Daniel David, GED’17
elevator pitch: We match our grading specialists with time-strapped teachers to provide their students with prompt, formative feedback; by shrinking the pile of papers, Gradient eases the overwhelming workload and grants K-12 instructors more time to improve learning outcomes for their classes.
Where did the idea for your venture come from?
Two years ago, I was a virtual tutor for a group of 11th grade AP U.S. History students, advising them on biweekly essays in preparation for their year-end exams. The students were motivated by our feedback and grateful for the one-on-one attention; meanwhile, the teacher was effusive because we were improving her students’ writing and enabling her to focus on the neediest kids. This small intervention made a big impact, so I pursued a venture that could scale this successful model.
How will your venture change the world?
As a presidential candidate in 2007, Barack Obama declared that “the single most important factor determining student success…is who their teacher is.” Whatever our politics, we can all agree that teachers matter. If a venture could solve a central problem for 3.7 million educators and their respective students, it would be transformational.
For K-12 teachers, that problem is “time poverty,” but Gradient has a solution: challenge the damaging narrative that teachers are supposed to grade entire classrooms on their own. The “isolated teacher” is an antiquated concept, a relic of the bygone one-room schoolhouse era, and it is time to break the bottleneck. A teacher’s role goes far beyond grading.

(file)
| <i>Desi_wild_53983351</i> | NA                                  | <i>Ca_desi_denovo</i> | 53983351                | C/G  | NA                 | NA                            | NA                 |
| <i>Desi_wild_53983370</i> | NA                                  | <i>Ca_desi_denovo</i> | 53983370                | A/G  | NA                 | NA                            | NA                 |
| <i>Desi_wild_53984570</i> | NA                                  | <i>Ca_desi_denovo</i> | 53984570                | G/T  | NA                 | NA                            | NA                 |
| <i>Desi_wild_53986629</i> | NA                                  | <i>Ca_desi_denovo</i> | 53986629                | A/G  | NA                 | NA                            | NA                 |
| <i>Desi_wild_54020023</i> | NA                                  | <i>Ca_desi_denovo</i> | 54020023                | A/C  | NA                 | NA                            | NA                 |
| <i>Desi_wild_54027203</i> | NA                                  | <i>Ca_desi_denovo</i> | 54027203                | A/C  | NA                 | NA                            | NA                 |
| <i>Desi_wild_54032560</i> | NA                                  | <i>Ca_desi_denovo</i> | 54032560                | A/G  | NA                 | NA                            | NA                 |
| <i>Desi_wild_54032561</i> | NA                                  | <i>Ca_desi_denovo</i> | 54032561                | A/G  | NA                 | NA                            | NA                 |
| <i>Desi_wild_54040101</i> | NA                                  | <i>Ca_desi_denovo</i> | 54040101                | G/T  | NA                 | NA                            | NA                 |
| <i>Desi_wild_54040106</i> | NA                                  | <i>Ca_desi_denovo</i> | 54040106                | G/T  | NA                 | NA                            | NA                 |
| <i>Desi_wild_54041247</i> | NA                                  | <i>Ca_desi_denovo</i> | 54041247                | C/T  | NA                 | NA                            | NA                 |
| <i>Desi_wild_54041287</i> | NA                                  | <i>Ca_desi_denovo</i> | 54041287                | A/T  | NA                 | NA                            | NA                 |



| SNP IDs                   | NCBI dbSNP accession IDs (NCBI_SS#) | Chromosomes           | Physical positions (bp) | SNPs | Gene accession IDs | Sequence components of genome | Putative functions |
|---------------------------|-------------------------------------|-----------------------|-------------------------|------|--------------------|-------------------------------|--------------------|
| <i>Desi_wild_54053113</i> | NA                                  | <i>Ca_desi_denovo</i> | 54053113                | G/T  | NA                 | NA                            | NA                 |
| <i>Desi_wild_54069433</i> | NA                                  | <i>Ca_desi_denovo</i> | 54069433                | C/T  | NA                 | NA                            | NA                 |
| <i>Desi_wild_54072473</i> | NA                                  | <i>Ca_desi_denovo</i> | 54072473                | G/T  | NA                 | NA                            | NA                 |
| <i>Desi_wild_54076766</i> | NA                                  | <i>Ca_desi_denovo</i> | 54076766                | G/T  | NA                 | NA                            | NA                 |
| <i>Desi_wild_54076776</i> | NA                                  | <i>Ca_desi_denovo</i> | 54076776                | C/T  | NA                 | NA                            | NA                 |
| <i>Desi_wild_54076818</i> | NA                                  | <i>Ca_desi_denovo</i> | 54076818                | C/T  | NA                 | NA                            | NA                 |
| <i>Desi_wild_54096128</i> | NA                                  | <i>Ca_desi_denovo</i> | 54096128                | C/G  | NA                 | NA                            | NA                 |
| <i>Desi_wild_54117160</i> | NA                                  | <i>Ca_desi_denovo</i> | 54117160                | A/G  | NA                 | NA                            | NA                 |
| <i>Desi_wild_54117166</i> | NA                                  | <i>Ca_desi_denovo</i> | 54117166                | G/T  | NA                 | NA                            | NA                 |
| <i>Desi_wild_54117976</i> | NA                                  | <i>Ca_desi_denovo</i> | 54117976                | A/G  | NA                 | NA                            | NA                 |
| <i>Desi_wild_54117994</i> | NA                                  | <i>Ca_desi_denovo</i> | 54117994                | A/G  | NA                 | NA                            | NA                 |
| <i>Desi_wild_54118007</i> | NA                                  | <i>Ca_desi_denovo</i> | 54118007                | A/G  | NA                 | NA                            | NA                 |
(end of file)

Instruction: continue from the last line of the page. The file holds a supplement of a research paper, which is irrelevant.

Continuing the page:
When teachers don’t receive assistance, they may leave the profession altogether: a 2012 study reported that 40-50% of those who enter teaching leave within five years. The educators who stay face significant challenges: in a 2015 Scholastic survey, teachers listed “not enough time collaborating with colleagues, “my class size is too big,” and “not enough instructional time with my students” as three major difficulties. Our venture addresses these negatives by maximizing teacher time.
Simultaneously, this venture serves the students. Rather than wait weeks for teacher comments, students receive immediate feedback, which is instrumental to their improvement. In addition, students can become better writers by submitting multiple drafts for review, a scenario that is implausible with a solitary teacher.
Fun Facts: During an undergrad playoff game, the School of Dentistry softball team broke my jaw.